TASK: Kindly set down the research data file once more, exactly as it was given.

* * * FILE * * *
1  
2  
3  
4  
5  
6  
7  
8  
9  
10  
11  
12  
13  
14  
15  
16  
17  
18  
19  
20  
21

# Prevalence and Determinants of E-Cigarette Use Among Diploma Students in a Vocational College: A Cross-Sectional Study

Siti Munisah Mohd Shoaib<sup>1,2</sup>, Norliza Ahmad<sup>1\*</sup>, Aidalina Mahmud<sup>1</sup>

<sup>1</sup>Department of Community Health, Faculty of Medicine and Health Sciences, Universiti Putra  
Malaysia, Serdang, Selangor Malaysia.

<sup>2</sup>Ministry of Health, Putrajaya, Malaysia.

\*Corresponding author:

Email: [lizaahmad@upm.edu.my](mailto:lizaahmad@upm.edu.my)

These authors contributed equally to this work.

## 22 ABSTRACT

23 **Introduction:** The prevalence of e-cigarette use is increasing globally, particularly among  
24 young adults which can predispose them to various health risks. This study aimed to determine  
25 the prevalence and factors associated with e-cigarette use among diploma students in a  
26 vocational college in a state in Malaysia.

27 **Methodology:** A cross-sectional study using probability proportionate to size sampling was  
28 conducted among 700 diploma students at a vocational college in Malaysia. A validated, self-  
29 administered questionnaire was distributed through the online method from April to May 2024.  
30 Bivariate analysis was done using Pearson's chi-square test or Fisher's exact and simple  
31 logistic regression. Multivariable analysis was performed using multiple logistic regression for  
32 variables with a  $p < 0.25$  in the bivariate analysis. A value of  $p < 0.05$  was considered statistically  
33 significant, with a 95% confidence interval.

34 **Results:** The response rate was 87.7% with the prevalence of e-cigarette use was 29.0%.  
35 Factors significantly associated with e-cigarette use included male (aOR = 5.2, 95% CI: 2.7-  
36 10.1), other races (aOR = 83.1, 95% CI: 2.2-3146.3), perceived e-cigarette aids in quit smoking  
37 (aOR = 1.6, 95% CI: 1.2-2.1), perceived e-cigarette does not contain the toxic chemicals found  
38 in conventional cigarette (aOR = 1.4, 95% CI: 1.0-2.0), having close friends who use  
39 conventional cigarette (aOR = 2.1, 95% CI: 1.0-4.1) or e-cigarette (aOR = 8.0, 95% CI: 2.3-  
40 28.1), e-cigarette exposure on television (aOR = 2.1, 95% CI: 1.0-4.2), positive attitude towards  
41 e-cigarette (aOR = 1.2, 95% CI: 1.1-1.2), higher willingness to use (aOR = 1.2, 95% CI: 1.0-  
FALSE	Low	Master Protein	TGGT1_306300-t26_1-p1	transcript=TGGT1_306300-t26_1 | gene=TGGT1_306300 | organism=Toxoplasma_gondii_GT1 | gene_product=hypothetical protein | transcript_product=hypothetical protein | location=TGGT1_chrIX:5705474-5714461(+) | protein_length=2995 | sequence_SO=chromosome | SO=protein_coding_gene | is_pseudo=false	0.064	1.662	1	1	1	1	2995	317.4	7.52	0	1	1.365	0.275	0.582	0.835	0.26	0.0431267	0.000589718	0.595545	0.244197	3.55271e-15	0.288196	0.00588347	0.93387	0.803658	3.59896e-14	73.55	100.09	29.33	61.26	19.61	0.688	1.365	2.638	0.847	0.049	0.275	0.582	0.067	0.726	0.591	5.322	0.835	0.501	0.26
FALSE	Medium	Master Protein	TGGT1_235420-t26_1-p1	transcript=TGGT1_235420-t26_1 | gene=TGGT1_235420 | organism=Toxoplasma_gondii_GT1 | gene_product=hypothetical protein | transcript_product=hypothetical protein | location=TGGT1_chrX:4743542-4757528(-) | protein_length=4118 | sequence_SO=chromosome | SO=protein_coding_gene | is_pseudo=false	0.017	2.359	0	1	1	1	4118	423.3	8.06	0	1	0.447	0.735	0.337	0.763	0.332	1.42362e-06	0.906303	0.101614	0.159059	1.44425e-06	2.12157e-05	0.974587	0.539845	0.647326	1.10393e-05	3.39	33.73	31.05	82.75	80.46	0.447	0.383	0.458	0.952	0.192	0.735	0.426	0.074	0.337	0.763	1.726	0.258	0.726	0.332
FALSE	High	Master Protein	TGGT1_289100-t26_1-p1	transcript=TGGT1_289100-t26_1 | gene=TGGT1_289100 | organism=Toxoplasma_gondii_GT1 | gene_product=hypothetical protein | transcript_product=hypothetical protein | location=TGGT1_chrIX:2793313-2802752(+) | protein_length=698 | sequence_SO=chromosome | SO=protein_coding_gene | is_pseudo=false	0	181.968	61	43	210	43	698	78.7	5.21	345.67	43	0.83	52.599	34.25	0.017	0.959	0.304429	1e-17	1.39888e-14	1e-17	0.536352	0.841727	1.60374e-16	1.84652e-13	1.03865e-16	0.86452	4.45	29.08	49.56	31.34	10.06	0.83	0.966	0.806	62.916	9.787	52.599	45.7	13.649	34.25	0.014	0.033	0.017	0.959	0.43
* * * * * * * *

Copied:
1  
2  
3  
4  
5  
6  
7  
8  
9  
10  
11  
12  
13  
14  
15  
16  
17  
18  
19  
20  
21

# Prevalence and Determinants of E-Cigarette Use Among Diploma Students in a Vocational College: A Cross-Sectional Study

Siti Munisah Mohd Shoaib<sup>1,2</sup>, Norliza Ahmad<sup>1\*</sup>, Aidalina Mahmud<sup>1</sup>

<sup>1</sup>Department of Community Health, Faculty of Medicine and Health Sciences, Universiti Putra  
Malaysia, Serdang, Selangor Malaysia.

<sup>2</sup>Ministry of Health, Putrajaya, Malaysia.

\*Corresponding author:

Email: [lizaahmad@upm.edu.my](mailto:lizaahmad@upm.edu.my)

These authors contributed equally to this work.

## 22 ABSTRACT

23 **Introduction:** The prevalence of e-cigarette use is increasing globally, particularly among  
24 young adults which can predispose them to various health risks. This study aimed to determine  
25 the prevalence and factors associated with e-cigarette use among diploma students in a  
26 vocational college in a state in Malaysia.

27 **Methodology:** A cross-sectional study using probability proportionate to size sampling was  
28 conducted among 700 diploma students at a vocational college in Malaysia. A validated, self-  
29 administered questionnaire was distributed through the online method from April to May 2024.  
30 Bivariate analysis was done using Pearson's chi-square test or Fisher's exact and simple  
31 logistic regression. Multivariable analysis was performed using multiple logistic regression for  
32 variables with a  $p < 0.25$  in the bivariate analysis. A value of  $p < 0.05$  was considered statistically  
33 significant, with a 95% confidence interval.

34 **Results:** The response rate was 87.7% with the prevalence of e-cigarette use was 29.0%.  
35 Factors significantly associated with e-cigarette use included male (aOR = 5.2, 95% CI: 2.7-  
36 10.1), other races (aOR = 83.1, 95% CI: 2.2-3146.3), perceived e-cigarette aids in quit smoking  
37 (aOR = 1.6, 95% CI: 1.2-2.1), perceived e-cigarette does not contain the toxic chemicals found  
38 in conventional cigarette (aOR = 1.4, 95% CI: 1.0-2.0), having close friends who use  
39 conventional cigarette (aOR = 2.1, 95% CI: 1.0-4.1) or e-cigarette (aOR = 8.0, 95% CI: 2.3-  
40 28.1), e-cigarette exposure on television (aOR = 2.1, 95% CI: 1.0-4.2), positive attitude towards  
41 e-cigarette (aOR = 1.2, 95% CI: 1.1-1.2), higher willingness to use (aOR = 1.2, 95% CI: 1.0-  
FALSE	Low	Master Protein	TGGT1_306300-t26_1-p1	transcript=TGGT1_306300-t26_1 | gene=TGGT1_306300 | organism=Toxoplasma_gondii_GT1 | gene_product=hypothetical protein | transcript_product=hypothetical protein | location=TGGT1_chrIX:5705474-5714461(+) | protein_length=2995 | sequence_SO=chromosome | SO=protein_coding_gene | is_pseudo=false	0.064	1.662	1	1	1	1	2995	317.4	7.52	0	1	1.365	0.275	0.582	0.835	0.26	0.0431267	0.000589718	0.595545	0.244197	3.55271e-15	0.288196	0.00588347	0.93387	0.803658	3.59896e-14	73.55	100.09	29.33	61.26	19.61	0.688	1.365	2.638	0.847	0.049	0.275	0.582	0.067	0.726	0.591	5.322	0.835	0.501	0.26
FALSE	Medium	Master Protein	TGGT1_235420-t26_1-p1	transcript=TGGT1_235420-t26_1 | gene=TGGT1_235420 | organism=Toxoplasma_gondii_GT1 | gene_product=hypothetical protein | transcript_product=hypothetical protein | location=TGGT1_chrX:4743542-4757528(-) | protein_length=4118 | sequence_SO=chromosome | SO=protein_coding_gene | is_pseudo=false	0.017	2.359	0	1	1	1	4118	423.3	8.06	0	1	0.447	0.735	0.337	0.763	0.332	1.42362e-06	0.906303	0.101614	0.159059	1.44425e-06	2.12157e-05	0.974587	0.539845	0.647326	1.10393e-05	3.39	33.73	31.05	82.75	80.46	0.447	0.383	0.458	0.952	0.192	0.735	0.426	0.074	0.337	0.763	1.726	0.258	0.726	0.332
FALSE	High	Master Protein	TGGT1_289100-t26_1-p1	transcript=TGGT1_289100-t26_1 | gene=TGGT1_289100 | organism=Toxoplasma_gondii_GT1 | gene_product=hypothetical protein | transcript_product=hypothetical protein | location=TGGT1_chrIX:2793313-2802752(+) | protein_length=698 | sequence_SO=chromosome | SO=protein_coding_gene | is_pseudo=false	0	181.968	61	43	210	43	698	78.7	5.21	345.67	43	0.83	52.599	34.25	0.017	0.959	0.304429	1e-17	1.39888e-14	1e-17	0.536352	0.841727	1.60374e-16	1.84652e-13	1.03865e-16	0.86452	4.45	29.08	49.56	31.34	10.06	0.83	0.966	0.806	62.916	9.787	52.599	45.7	13.649	34.25	0.014	0.033	0.017	0.959	0.43